The first year is not easy for anyone. To do your best is all that you can do. Keep going. The key to success is to take these bad experiences and learn from them, like you did. The other key is to be able to move on. Think of all the good things you have done, when you made a difference.
  5. by   Jessy_RN
    I have no real advice for you, but you will be in my prayers. Take whatever comes your way one day at a time and always stay positive and optimistic.
  6. by   patwil73
    Hello,

    My best advise is to constantly try to improve your efficiency. Each time I go into a pt's room I ask myself do I have everything I need, should I have brought something else in with me, etc. I look for ways to assess quicker without sacrificing accuracy (for instance, I talk to my pt's as I enter to see how alert/oriented they are, I check the catheter bag and IV poles as I walk to the bed, I ask about pain and nausea and sob before i even get next to them so by the time I'm actually standing at the bed I know -- A/O *3, pain lower back 4/10 but bearable, breathing easily no sob, no cough, no N/V but hungry, U.O. running smoothly) I also try to chart as quickly as I can. If I can get that first assessment charted quickly I have more time for any problems that come up. I try to write what needs to be done on one sheet of paper that I can always refer to (ie meds at 2200, wound care 2000, blood draw 1700, etc.) Also if I can consolidate, I do. The less trips I "need" to take into my pt's room the more efficient I think I am.

    This is the best advice I can give new nurses, always strive to improve your personal efficiency and it will make your job so much easier.

    Best of luck, keep with it, it does get easier.

    Pat
  7. by   nurscee
    Quote from patwil73
    Hello,

    My best advise is to constantly try to improve your efficiency. Each time I go into a pt's room I ask myself do I have everything I need, should I have brought something else in with me, etc. I look for ways to assess quicker without sacrificing accuracy (for instance, I talk to my pt's as I enter to see how alert/oriented they are, I check the catheter bag and IV poles as I walk to the bed, I ask about pain and nausea and sob before i even get next to them so by the time I'm actually standing at the bed I know -- A/O *3, pain lower back 4/10 but bearable, breathing easily no sob, no cough, no N/V but hungry, U.O. running smoothly) I also try to chart as quickly as I can. If I can get that first assessment charted quickly I have more time for any problems that come up. I try to write what needs to be done on one sheet of paper that I can always refer to (ie meds at 2200, wound care 2000, blood draw 1700, etc.) Also if I can consolidate, I do. The less trips I "need" to take into my pt's room the more efficient I think I am.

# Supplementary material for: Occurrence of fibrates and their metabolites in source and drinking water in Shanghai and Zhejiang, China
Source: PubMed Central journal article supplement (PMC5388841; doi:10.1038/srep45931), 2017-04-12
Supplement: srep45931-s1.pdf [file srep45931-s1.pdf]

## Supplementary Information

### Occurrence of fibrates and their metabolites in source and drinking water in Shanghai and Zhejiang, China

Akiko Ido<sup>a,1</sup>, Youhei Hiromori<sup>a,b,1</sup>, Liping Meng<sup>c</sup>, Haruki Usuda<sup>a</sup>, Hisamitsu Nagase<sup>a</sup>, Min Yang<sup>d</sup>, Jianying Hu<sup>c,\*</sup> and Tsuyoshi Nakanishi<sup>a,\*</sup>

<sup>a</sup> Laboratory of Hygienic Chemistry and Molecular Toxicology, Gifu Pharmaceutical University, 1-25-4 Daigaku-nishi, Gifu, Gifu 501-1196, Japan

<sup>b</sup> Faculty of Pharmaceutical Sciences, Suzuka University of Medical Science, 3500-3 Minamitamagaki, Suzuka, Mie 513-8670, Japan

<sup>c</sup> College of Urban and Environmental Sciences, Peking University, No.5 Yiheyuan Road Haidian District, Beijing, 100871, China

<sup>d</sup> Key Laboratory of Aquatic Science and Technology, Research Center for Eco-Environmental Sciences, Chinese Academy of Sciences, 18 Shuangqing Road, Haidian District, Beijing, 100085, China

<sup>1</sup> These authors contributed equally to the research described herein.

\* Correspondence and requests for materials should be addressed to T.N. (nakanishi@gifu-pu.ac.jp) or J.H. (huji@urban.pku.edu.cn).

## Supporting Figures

This is the best advice I can give new nurses, always strive to improve your personal efficiency and it will make your job so much easier.

    Best of luck, keep with it, it does get easier.

    Pat
    Thanks to all of you. I've had two days off. Tomorrow I hope to have a better day and be able to put in a positive post. Nurscee